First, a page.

Why was the Protestant Reformation a revolution?

Why was the Protestant Reformation a revolution?

Sometimes called the Protestant revolution, the Reformation appealed to the founders of the United States, and some of its concepts of individualism and free expression of religion are incorporated into the First Amendment.

Why is the Protestant Reformation still important today?

1. Protestantism gave rise to secular democracy. In the Middle Ages and early modern period, religious institutions and the state were often intimate bedfellows. “The Reformation deemphasised the power of institutions and strengthened the bonds between the individual and sacred scripture,” she says.

What is similar to the Protestant Reformation?

Most historians believe the Renaissance was an ideological precursor to the Protestant Reformation. Consequently, the two movements bear many similarities. Two major similarities are the emphasis on the individual person and classical languages.

What are the effects of the Protestant Reformation?

Ultimately the Protestant Reformation led to modern democracy, skepticism, capitalism, individualism, civil rights, and many of the modern values we cherish today. The Protestant Reformation increased literacy throughout Europe and ignited a renewed passion for education.

How did the Reformation affect Europe socially?

The Reformation itself was affected by the invention of the Printing Press and the expansion of commerce which characterized the Renaissance. Both Reformations, both Protestant and Catholic affected print culture, education, popular rituals and culture, and the role of women in society.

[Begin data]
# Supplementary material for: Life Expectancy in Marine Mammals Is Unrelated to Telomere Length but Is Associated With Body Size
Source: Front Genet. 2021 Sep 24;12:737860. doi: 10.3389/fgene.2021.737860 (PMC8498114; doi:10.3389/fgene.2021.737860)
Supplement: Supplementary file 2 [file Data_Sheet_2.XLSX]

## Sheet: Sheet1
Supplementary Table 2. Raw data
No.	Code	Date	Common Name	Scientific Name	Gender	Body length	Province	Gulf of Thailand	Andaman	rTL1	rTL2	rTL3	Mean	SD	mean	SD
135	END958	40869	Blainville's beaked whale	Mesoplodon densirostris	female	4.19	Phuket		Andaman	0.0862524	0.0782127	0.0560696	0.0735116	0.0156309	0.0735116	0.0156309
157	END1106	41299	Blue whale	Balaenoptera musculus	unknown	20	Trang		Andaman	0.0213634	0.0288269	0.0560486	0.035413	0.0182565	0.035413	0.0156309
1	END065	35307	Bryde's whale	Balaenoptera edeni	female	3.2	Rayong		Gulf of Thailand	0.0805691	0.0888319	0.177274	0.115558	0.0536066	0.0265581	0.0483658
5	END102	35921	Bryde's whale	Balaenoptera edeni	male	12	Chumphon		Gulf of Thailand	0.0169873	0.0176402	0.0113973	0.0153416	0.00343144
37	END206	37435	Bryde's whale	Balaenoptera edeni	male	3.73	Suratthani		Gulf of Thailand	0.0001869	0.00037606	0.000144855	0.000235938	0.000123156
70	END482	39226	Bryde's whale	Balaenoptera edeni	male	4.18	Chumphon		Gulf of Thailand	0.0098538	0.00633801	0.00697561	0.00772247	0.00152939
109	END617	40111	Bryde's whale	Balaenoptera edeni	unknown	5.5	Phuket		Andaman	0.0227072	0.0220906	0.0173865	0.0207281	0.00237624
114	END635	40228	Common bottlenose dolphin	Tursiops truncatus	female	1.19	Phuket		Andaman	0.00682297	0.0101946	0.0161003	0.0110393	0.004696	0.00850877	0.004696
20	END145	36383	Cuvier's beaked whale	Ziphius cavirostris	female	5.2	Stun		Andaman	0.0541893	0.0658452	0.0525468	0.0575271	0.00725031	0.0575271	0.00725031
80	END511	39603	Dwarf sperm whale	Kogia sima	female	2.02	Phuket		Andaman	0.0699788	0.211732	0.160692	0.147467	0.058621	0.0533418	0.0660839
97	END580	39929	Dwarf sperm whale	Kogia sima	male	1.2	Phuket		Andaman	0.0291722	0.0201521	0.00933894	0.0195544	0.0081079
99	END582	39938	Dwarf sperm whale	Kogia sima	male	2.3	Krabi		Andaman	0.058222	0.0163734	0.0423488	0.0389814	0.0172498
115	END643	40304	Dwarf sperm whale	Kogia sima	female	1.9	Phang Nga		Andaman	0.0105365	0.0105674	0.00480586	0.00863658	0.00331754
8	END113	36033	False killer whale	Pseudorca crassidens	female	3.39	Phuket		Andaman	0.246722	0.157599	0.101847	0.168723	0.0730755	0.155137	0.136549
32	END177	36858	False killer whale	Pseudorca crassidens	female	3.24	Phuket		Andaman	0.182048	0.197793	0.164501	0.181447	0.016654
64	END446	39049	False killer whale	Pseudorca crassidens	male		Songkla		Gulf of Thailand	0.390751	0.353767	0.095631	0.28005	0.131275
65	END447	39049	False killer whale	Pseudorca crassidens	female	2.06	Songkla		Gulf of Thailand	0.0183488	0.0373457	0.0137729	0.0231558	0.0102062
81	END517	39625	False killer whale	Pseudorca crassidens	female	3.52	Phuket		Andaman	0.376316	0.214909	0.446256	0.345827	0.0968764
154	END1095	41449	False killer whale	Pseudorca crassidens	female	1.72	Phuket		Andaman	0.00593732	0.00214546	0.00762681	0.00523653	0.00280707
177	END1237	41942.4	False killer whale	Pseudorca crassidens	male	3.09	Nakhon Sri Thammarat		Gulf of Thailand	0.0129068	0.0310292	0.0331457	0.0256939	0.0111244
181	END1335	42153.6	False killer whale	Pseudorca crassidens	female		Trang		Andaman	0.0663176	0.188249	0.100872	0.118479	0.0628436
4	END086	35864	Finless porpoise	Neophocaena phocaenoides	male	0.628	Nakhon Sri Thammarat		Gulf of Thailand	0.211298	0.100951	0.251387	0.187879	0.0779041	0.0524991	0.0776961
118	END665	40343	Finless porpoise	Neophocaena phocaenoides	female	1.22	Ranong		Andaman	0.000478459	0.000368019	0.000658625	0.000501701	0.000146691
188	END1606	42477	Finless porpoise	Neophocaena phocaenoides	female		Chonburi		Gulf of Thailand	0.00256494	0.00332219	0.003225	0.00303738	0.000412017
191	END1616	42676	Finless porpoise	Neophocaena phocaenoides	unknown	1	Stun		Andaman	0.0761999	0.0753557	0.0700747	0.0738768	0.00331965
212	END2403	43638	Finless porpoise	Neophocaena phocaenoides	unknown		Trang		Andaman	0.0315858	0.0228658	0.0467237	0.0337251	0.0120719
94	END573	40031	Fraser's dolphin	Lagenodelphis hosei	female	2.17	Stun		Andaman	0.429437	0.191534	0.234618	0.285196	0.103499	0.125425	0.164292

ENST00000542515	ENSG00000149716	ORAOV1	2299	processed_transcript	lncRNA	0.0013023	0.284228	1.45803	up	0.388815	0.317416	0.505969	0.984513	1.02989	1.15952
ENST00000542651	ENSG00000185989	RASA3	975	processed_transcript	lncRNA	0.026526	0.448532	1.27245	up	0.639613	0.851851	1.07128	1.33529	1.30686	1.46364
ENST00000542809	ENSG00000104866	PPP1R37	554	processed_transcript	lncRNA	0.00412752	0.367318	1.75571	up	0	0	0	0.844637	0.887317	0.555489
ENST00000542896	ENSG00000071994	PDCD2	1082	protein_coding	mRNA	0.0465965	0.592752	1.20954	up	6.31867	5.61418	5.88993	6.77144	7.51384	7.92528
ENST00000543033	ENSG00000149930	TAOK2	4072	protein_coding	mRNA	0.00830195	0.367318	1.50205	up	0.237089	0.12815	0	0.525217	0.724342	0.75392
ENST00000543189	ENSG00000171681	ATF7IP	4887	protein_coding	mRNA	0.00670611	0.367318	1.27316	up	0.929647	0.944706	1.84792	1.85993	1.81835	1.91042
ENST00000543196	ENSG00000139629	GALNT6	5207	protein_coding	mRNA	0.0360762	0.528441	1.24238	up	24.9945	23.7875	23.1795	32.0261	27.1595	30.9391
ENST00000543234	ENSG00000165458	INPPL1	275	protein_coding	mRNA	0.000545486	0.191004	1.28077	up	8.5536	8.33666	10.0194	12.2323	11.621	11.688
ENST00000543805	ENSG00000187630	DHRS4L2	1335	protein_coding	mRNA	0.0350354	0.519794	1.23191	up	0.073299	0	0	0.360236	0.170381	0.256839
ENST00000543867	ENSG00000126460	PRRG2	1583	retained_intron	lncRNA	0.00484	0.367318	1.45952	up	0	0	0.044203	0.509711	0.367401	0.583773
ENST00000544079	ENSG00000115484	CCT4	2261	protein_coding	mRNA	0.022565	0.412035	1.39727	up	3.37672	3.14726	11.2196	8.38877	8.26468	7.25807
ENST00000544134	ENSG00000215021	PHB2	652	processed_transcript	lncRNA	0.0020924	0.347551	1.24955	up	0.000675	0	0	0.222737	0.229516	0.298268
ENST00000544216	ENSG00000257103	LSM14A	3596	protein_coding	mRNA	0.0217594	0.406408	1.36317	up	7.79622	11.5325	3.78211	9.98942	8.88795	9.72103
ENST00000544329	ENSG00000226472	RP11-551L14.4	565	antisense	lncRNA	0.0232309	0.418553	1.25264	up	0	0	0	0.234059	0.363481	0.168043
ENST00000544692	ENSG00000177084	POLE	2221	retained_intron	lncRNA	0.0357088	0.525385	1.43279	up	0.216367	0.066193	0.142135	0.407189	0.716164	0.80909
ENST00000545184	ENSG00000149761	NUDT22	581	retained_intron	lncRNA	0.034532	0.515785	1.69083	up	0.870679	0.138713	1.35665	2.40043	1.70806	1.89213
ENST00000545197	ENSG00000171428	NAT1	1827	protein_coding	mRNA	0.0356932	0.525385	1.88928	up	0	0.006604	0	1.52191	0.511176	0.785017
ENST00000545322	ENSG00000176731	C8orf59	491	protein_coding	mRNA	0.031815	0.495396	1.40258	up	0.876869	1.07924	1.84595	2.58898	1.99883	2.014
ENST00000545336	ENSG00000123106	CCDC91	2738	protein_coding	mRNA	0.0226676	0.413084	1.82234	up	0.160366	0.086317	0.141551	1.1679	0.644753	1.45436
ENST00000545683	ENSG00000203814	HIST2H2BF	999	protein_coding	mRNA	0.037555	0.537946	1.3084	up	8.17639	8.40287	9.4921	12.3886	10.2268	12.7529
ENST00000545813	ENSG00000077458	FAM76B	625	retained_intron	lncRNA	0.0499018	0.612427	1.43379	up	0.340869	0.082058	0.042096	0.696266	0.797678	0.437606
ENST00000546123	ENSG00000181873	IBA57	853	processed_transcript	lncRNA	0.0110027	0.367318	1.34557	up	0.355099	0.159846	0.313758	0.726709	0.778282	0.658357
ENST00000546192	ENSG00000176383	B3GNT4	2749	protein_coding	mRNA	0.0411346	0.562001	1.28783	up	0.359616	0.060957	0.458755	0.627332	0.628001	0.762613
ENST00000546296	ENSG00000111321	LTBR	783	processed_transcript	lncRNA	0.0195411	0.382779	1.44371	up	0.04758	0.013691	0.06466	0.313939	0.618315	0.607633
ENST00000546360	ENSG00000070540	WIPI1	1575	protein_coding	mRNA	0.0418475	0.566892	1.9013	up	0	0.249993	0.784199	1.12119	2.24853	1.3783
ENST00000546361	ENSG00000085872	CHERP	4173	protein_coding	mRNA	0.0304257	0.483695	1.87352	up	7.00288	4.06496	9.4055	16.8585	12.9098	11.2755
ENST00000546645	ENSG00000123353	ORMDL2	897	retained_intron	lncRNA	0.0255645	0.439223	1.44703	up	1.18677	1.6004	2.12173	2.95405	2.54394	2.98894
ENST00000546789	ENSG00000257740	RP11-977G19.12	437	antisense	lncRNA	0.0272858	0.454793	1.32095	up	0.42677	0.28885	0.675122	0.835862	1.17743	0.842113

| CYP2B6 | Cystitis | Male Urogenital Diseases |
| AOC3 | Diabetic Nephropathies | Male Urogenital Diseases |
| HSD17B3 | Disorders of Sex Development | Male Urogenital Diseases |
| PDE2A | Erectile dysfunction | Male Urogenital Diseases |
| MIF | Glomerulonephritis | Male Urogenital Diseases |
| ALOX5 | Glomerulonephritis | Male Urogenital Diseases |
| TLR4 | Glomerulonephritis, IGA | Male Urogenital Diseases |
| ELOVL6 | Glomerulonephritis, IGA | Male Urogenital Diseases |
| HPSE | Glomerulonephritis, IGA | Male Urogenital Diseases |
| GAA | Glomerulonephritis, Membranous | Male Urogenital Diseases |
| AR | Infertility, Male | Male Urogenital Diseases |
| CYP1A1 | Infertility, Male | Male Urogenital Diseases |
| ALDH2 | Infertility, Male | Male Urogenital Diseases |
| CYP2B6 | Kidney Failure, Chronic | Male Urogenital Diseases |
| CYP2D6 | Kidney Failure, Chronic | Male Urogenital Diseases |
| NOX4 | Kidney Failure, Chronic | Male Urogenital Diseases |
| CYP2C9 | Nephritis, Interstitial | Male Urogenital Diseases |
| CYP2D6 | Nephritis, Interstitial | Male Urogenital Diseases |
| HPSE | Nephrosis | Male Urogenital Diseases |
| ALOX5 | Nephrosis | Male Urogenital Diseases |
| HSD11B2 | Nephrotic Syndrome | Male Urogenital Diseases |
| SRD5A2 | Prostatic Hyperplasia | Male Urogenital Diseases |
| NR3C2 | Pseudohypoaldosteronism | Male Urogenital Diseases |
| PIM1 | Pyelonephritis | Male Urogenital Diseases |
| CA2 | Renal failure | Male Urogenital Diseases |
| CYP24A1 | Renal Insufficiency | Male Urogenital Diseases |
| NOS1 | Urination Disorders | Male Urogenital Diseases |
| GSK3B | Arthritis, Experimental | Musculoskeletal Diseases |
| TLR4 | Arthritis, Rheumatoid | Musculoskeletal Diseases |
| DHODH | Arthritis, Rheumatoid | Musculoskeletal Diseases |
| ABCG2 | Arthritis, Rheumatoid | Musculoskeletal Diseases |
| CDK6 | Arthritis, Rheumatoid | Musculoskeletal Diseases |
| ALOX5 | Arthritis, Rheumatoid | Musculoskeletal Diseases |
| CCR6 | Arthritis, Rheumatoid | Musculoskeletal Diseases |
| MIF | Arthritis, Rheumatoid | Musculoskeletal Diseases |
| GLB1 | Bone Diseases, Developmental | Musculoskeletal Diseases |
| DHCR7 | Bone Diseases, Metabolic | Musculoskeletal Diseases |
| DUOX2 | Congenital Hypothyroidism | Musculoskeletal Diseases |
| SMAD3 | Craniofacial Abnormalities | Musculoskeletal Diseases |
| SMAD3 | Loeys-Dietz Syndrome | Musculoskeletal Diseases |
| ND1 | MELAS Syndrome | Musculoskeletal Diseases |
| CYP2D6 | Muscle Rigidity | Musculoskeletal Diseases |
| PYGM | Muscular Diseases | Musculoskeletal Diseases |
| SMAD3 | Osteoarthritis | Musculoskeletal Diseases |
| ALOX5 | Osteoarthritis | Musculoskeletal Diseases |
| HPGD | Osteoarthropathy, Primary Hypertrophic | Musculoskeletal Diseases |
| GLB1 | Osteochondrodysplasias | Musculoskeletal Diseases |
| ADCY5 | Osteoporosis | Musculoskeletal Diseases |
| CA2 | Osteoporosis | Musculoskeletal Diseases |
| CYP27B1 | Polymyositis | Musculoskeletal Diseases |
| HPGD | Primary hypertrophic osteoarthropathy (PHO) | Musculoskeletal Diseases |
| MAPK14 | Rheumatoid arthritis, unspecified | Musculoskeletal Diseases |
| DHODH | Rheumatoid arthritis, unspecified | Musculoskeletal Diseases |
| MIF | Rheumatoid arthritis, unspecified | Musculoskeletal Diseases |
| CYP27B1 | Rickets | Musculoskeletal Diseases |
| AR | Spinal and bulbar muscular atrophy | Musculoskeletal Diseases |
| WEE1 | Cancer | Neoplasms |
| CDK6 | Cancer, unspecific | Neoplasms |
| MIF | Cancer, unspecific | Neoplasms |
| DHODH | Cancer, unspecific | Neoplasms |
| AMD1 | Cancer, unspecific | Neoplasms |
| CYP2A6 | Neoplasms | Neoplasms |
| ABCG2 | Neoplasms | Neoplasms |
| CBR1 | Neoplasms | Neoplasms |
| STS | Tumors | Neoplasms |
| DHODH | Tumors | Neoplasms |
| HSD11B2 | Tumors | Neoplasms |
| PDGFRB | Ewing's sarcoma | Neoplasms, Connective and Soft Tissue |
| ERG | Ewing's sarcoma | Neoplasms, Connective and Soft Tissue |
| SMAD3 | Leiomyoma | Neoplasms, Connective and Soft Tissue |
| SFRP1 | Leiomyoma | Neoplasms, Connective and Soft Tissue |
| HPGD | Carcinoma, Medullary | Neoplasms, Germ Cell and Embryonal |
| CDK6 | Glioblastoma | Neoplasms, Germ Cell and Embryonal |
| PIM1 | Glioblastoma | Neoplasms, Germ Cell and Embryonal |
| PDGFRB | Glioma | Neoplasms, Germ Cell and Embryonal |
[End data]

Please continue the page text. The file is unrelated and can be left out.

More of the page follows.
How did the Reformation help the poor?

The Reformation movement had greatly criticised the Catholic Church for hoarding riches and extorting the poor. The Protestant Church on the other hand was determined to aid those in poverty. Church finances often did not allow for effective poor relief in the second half of the 16th century.

What political changes did the Reformation bring to Europe?

The massive turmoil that the Reformation caused had a lasting impact on European politics. Soon after the Catholic Church deemed Martin Luther a “protestant,” Europe became divided along confessional, as well as territorial, lines. The religious turmoil of the period led to warfare within most states and between many.

Is Wales Protestant or Catholic?

Christianity is the majority religion in Wales. From 1534 until 1920 the established church was the Church of England, but this was disestablished in Wales in 1920, becoming the still Anglican but self-governing Church in Wales. Wales also has a strong tradition of nonconformism and Methodism.

What is the biggest religion in Wales?

Christianity is the largest religion in Wales. Until 1920 the established church was the Church of England, but from 1920 the disestablished Church in Wales, still Anglican, was self-governing. Wales also has a strong tradition of nonconformism, including Methodism.

What percentage of Wales is Catholic?

* SOME NUMBERS — Around 5.2 million Catholics live in England and Wales, or around 9.6 percent of the population there, and nearly 700,000 in Scotland, or around 14 percent.

Who brought Christianity to Wales?

Christianity in Wales dates from at least the 4th century, and by the 7th century Roman and Celtic missionaries had converted the entire country. When the pagan Anglo-Saxons invaded Britain in the 5th century, Wales became one of the strongholds of the Celtic church.

Is Anglican a Protestant?

Anglicanism, one of the major branches of the 16th-century Protestant Reformation and a form of Christianity that includes features of both Protestantism and Roman Catholicism. Thus, Anglicans see themselves as possessing a cluster of historic pieties and procedural loyalties but few firm rules.